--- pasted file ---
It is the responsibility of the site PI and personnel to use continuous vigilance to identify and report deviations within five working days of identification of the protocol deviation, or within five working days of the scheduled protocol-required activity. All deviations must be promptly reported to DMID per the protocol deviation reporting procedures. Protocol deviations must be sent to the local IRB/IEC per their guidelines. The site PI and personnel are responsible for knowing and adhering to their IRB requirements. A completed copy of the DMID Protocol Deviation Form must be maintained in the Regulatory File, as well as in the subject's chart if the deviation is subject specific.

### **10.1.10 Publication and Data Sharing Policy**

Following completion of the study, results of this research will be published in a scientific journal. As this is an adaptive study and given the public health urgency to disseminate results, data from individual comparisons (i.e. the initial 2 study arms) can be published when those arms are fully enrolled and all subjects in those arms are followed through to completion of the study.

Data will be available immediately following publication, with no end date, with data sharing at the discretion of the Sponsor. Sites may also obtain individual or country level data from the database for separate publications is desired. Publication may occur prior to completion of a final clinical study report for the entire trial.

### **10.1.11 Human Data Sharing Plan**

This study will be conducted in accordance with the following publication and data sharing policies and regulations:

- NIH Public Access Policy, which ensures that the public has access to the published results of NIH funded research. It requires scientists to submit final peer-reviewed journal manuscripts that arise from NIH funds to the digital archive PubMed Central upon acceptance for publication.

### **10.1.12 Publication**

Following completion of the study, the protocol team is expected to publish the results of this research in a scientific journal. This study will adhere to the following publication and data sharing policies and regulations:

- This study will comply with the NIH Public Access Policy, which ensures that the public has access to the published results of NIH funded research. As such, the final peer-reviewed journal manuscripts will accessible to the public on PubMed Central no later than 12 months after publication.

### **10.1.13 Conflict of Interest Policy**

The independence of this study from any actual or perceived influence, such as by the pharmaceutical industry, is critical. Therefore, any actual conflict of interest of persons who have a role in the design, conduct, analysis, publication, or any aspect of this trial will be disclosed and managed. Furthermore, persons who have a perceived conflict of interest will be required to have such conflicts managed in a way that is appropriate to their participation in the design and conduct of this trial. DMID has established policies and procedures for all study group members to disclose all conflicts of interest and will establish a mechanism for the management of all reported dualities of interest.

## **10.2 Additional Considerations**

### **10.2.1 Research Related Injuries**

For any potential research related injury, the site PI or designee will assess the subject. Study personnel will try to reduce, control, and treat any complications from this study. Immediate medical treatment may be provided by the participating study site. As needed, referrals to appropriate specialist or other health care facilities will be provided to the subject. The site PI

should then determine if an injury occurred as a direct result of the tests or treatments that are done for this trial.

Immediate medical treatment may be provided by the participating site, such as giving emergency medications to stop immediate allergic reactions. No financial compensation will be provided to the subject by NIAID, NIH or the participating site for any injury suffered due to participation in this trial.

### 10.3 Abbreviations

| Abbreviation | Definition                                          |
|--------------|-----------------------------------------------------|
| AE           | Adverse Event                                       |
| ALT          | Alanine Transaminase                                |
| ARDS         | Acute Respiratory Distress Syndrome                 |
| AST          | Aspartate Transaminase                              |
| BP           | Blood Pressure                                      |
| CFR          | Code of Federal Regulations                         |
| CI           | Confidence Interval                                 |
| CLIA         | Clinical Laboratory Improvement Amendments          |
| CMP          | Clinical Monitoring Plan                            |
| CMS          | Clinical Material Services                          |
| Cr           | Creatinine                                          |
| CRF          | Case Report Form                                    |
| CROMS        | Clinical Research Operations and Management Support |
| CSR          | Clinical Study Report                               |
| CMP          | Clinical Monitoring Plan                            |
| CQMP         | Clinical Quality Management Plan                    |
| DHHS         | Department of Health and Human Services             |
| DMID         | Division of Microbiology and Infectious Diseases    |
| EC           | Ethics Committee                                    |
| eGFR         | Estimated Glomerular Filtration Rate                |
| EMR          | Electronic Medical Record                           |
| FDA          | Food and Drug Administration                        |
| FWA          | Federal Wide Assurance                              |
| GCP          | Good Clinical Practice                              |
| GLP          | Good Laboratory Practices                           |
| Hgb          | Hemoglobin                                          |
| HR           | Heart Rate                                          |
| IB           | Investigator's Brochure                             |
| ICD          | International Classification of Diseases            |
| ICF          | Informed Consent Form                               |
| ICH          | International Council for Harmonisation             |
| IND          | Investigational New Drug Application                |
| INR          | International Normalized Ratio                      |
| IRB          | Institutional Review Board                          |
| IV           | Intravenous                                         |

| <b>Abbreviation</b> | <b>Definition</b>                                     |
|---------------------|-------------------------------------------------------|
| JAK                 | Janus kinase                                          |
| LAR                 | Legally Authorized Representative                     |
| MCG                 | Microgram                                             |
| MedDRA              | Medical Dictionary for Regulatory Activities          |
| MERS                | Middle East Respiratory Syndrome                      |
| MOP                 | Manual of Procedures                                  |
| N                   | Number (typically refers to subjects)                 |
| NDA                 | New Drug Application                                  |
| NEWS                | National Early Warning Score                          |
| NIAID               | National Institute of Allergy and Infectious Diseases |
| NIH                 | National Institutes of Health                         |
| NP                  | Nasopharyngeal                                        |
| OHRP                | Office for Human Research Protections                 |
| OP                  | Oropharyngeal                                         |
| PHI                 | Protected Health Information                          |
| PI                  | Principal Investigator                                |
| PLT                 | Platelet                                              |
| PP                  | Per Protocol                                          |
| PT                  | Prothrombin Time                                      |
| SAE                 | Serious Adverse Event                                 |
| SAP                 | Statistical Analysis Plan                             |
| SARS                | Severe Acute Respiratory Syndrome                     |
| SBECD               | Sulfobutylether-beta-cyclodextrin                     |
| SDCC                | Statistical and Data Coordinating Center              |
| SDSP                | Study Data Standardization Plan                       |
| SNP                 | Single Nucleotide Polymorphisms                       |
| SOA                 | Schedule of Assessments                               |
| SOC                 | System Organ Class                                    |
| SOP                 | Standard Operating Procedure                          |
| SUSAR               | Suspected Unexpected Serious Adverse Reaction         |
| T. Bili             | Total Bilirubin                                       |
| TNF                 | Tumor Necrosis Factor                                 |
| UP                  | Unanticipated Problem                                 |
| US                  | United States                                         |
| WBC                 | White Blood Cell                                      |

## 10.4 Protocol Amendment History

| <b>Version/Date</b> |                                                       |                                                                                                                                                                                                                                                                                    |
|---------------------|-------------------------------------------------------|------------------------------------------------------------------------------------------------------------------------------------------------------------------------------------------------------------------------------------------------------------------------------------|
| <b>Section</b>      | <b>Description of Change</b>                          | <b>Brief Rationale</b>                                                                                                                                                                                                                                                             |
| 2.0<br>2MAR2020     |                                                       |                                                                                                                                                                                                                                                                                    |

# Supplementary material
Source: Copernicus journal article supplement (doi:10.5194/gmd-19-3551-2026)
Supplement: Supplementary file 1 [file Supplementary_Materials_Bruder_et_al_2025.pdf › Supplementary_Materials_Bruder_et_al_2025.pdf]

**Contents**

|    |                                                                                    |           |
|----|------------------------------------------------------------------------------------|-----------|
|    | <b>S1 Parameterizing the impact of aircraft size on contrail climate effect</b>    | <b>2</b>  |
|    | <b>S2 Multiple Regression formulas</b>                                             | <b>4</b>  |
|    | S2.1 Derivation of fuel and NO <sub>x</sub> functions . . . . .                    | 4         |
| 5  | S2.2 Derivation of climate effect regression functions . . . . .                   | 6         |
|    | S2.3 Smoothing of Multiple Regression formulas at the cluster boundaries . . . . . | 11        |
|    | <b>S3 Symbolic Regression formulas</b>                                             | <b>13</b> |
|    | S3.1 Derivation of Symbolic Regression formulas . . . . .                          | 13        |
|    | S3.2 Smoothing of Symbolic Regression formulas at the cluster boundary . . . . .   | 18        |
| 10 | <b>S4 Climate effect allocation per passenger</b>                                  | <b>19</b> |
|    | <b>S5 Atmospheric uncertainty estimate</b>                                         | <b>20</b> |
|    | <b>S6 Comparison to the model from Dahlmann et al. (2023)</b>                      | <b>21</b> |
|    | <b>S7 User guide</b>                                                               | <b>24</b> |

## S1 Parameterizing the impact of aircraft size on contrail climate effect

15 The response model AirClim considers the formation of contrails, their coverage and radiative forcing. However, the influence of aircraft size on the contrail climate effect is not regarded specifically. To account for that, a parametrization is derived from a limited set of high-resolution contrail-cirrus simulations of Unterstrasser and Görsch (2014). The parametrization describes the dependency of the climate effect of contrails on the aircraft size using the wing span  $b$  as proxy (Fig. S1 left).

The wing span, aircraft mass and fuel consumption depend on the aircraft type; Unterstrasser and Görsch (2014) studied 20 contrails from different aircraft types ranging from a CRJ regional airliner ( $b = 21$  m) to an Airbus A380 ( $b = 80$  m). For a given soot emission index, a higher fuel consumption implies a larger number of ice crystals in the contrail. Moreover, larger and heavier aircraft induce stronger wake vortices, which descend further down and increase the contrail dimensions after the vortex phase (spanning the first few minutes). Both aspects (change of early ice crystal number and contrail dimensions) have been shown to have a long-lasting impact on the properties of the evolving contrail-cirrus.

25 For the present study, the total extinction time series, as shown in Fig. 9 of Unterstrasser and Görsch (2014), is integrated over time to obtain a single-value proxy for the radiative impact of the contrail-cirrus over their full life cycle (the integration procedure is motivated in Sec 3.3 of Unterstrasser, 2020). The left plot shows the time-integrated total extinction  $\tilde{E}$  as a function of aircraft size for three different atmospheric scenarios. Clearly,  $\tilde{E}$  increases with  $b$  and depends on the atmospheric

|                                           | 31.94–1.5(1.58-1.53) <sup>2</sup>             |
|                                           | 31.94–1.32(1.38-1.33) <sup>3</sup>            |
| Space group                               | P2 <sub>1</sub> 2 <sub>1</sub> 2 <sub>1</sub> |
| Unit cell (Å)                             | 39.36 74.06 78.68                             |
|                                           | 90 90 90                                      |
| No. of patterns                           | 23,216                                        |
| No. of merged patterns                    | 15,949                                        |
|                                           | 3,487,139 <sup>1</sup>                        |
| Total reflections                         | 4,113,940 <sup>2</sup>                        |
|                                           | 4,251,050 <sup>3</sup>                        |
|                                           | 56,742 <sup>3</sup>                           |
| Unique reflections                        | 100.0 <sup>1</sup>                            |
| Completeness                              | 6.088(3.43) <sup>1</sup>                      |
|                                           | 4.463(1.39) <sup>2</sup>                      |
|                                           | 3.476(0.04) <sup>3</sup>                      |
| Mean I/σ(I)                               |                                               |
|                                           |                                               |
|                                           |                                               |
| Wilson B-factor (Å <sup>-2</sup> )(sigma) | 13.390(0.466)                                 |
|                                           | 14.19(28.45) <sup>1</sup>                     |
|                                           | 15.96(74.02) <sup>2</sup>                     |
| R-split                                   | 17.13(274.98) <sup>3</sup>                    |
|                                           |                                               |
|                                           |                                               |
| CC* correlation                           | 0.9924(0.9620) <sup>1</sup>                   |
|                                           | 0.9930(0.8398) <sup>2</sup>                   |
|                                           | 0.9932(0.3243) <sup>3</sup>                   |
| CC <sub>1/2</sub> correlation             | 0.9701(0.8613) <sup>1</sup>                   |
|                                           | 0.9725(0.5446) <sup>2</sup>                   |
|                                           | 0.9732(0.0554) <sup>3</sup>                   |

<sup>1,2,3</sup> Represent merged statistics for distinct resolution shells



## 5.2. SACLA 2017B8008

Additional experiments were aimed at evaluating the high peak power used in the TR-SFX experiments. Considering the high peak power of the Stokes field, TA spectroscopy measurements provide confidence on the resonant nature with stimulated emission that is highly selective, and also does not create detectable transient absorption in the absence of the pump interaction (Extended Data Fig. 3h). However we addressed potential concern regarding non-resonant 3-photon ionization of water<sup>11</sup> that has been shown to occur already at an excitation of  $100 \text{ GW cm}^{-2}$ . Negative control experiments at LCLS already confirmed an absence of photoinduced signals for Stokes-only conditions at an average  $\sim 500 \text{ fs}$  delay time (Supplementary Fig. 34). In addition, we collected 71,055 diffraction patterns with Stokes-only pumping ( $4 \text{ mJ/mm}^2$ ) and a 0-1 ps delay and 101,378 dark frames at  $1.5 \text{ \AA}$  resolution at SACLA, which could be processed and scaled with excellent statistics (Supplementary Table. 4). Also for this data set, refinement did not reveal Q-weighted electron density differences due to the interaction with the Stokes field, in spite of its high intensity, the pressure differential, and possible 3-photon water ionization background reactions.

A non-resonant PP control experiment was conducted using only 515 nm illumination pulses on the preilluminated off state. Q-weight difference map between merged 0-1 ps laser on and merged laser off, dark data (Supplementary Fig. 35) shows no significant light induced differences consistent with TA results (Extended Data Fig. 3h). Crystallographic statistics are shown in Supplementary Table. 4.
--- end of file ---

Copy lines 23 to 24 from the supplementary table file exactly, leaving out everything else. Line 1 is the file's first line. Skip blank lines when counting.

| ARDS         | Acute Respiratory Distress Syndrome                 |
| AST          | Aspartate Transaminase                              |